16. Letter From Director of Central Intelligence Colby to President Ford 1

Dear Mr. President:

You will recall that on 17 September 1974 in the wake of revelations concerning Agency activities in Chile, I wrote you a letter describing the history and status of Congressional oversight of CIA and the Intelligence Community.2 In that letter’s attachment I listed a number of options that might be pursued with the Congressional leadership in the interest of protecting against future erosion of our capability to protect intelligence sources and methods. Since that time, a number of developments have occurred which lead me now to recommend that you discuss with the Congressional leadership the establishment of a Joint Committee on Intelligence.

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In response to a request from Chairman Morgan of the Foreign Affairs Committee and Chairman Hebert of the Armed Services Committee,3 Secretary Kissinger and I agreed on 25 September 1974 that arrangements could be made for reporting our covert action activities relating to foreign policy to a restricted group in the Foreign Affairs Committee. Following that agreement, on 8 October 1974, the House of Representatives adopted as part of the Bolling/Hansen recommendations an addition to the House Rules to provide the Foreign Affairs Committee oversight with respect to “intelligence activities relating to foreign policy.” It was agreed in the supporting colloquy that this restated the agreement reached between Secretary Kissinger, myself and the leadership of the Foreign Affairs and the Armed Services Committees. Implementing details of this arrangement have not as yet been worked out by Chairman Morgan.

In the Senate, Chairman Stennis arranged for the Majority Leader and the Minority Leader to be briefed on the Agency’s covert activities and on 22 November 1974 I briefed Senators Mansfield and Scott on all current covert actions.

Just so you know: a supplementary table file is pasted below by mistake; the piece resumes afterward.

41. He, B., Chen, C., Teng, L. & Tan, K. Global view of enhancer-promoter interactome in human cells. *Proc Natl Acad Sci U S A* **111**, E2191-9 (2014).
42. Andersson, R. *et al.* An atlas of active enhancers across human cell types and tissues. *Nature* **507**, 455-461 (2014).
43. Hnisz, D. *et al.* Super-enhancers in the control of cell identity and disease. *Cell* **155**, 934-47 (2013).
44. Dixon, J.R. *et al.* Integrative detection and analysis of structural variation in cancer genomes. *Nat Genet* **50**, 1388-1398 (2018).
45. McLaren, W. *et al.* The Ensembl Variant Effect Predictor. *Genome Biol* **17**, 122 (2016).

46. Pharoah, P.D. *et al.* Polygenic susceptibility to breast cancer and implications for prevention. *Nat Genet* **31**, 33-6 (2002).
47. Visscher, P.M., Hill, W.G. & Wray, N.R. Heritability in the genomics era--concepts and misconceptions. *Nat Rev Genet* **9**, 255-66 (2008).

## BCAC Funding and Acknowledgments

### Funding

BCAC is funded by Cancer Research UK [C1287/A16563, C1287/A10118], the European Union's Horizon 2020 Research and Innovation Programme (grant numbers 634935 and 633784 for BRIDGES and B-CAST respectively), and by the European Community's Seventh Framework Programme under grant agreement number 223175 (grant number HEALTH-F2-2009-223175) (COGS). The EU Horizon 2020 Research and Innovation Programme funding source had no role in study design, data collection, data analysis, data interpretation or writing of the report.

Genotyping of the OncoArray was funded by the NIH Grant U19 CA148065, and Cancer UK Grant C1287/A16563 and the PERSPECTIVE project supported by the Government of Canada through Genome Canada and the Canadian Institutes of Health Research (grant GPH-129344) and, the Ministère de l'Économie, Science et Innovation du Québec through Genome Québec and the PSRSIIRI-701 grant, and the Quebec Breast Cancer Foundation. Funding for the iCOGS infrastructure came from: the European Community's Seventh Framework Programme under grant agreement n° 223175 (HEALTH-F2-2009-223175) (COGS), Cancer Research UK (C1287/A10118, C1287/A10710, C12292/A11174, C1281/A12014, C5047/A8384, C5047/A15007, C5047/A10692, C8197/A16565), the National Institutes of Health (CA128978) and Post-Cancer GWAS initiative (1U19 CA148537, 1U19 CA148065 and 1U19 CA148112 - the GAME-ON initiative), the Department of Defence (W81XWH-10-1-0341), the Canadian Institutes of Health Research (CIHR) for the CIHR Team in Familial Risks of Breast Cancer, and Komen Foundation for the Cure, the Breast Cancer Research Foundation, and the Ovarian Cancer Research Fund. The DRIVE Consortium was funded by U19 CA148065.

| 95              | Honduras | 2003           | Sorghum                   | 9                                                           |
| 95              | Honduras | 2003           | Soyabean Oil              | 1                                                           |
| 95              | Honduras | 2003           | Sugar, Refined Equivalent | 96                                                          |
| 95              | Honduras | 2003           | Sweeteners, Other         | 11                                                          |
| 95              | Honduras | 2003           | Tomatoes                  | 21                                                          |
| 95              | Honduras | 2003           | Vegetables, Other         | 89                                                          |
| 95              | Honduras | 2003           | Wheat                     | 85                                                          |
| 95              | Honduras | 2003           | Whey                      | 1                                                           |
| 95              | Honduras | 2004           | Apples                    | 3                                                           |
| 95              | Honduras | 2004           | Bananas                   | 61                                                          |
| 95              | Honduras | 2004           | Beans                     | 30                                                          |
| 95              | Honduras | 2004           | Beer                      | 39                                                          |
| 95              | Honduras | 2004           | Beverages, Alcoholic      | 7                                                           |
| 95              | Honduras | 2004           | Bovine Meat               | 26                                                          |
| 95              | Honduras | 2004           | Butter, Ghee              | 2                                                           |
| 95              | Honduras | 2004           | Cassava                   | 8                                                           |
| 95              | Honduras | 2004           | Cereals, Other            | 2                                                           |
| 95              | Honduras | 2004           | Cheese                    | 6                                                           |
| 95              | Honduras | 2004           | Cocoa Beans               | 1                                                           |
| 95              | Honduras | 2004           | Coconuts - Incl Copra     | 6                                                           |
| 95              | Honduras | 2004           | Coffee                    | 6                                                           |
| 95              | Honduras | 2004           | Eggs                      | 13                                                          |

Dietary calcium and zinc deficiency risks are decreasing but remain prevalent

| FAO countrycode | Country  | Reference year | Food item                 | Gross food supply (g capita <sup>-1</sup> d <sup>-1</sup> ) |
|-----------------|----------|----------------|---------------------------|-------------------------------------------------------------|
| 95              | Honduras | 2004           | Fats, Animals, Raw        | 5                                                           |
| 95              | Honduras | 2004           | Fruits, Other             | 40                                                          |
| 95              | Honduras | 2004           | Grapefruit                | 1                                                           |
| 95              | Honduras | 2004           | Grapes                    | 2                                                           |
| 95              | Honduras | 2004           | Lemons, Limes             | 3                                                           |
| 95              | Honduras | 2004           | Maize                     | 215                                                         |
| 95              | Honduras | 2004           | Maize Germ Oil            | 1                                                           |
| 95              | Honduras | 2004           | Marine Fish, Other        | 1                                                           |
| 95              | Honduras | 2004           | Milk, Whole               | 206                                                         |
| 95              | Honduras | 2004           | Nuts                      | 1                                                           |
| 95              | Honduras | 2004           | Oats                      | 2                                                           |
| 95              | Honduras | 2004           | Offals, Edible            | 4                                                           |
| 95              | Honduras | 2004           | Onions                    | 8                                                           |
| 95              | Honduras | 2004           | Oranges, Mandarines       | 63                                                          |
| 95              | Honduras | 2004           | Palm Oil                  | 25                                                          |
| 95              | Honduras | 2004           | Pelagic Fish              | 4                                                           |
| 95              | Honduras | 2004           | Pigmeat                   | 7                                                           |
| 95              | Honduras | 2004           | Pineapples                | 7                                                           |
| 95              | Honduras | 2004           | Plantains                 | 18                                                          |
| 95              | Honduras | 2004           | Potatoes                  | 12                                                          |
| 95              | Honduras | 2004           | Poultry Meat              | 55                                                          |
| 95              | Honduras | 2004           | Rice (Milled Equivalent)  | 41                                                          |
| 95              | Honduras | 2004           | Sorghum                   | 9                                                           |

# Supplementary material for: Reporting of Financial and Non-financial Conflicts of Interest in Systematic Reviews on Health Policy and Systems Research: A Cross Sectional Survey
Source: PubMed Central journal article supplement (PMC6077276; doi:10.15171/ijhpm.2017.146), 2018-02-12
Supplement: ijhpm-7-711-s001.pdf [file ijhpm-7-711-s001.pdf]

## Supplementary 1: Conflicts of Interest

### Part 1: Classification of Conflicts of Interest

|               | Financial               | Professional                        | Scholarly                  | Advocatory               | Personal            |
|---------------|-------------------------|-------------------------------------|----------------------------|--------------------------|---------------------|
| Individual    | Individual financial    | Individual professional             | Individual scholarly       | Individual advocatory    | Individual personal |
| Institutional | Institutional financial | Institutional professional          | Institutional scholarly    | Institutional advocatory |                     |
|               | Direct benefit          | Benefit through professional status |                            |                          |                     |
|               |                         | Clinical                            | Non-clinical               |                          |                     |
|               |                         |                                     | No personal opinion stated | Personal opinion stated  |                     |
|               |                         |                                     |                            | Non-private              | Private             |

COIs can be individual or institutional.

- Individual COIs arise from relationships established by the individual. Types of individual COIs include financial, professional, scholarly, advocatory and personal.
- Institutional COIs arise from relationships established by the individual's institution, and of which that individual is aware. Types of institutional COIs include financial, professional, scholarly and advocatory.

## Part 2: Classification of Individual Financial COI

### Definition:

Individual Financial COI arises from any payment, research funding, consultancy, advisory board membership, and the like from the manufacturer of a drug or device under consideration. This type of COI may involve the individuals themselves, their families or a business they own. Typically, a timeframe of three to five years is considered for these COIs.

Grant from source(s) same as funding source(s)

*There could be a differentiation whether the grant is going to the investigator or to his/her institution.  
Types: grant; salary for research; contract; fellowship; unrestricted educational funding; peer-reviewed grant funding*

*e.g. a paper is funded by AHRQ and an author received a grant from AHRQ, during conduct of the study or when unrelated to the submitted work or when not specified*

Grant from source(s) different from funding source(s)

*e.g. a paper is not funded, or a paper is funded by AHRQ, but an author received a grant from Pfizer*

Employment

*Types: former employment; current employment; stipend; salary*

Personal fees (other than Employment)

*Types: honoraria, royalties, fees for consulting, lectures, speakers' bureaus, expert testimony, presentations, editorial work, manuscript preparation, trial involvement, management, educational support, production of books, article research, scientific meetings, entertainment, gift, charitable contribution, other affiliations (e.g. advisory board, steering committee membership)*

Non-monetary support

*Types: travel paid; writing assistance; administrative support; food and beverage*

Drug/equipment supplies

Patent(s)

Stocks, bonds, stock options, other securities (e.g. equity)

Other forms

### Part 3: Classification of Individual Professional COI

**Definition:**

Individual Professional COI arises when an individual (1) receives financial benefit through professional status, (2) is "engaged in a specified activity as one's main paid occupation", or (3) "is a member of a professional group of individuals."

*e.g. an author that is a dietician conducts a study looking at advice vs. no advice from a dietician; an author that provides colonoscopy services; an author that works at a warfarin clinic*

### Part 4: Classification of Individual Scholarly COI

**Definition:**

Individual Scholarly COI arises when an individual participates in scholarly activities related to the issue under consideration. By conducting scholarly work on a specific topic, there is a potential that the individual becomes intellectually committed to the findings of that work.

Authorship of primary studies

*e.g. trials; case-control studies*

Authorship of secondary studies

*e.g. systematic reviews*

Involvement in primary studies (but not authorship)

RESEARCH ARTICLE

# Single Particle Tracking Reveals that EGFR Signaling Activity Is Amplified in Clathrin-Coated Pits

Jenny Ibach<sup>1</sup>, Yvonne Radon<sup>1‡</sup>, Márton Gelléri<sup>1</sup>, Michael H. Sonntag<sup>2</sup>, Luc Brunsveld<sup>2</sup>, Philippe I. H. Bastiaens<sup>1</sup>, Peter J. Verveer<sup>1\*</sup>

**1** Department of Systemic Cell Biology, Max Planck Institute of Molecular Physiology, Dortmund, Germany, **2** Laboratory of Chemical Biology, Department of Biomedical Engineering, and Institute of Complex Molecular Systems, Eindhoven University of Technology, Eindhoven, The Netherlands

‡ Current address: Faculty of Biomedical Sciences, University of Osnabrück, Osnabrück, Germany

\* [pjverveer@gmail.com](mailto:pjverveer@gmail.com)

In addition, Chairman Stennis requested that I confirm to him in writing that I would comply with certain procedures with respect to his responsibility for oversight of our activities. On 25 September 1974 I wrote Chairman Stennis that I will abide by the restrictions of the bill that he has submitted (S. 2597) with respect to the Agency’s proper role under the National Security Act and that I would contact him on a weekly basis and raise with him any matters of which he should be informed (copies attached).4 He requested these assurances in view of the delay which would be involved in securing the enactment of his legislation.

More recently, the Foreign Assistance Act of 1974 (S. 3394) was enacted with a provision requiring that six committees of Congress (the four Agency oversight committees of Armed Services and Appropriations of each house and the Senate Foreign Relations and House Foreign Affairs Committees) receive information on covert actions to be conducted by this Agency, after a finding by the President that these are important to national security. In the course of consideration of this bill, I wrote Chairman Stennis a letter expressing my strong recommendation that oversight of this Agency be handled in a manner reflecting the sensitivity and difficulty of keeping secret some of the delicate matters involved.

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The expansion of responsibility for oversight of this Agency within the Congress, as evidenced by this enactment, appears likely to bring greater pressure for widening the audience for receipt of sensitive Agency operational information beyond those who, up to now, have been kept fully informed and who have exercised great restraint and wisdom in dealing with such information. Moreover, the exposure of my testimony on covert activities in Chile before the Intelligence Subcommittee of the House Armed Services Committee5 is traceable to House Rule XI, Clause 27(a) which entitles all Members of the House to have access to all committee records.

As you know, both Secretary Kissinger and I (and my predecessors) have consistently taken the position that it is up to the Congress to determine its procedures for oversight and appropriation to this Agency. We have rested upon the sense of responsibility of the leadership of the Congress to exercise this duty and at the same time maintain the secrecy necessary to many of our efforts. The Congress’ record on this matter has been good over the years, but I know you share my concern over the recent exposure of my Chile testimony and the possibility of further exposures from widening the group of knowledgeable Senators, Congressmen and staff in the future.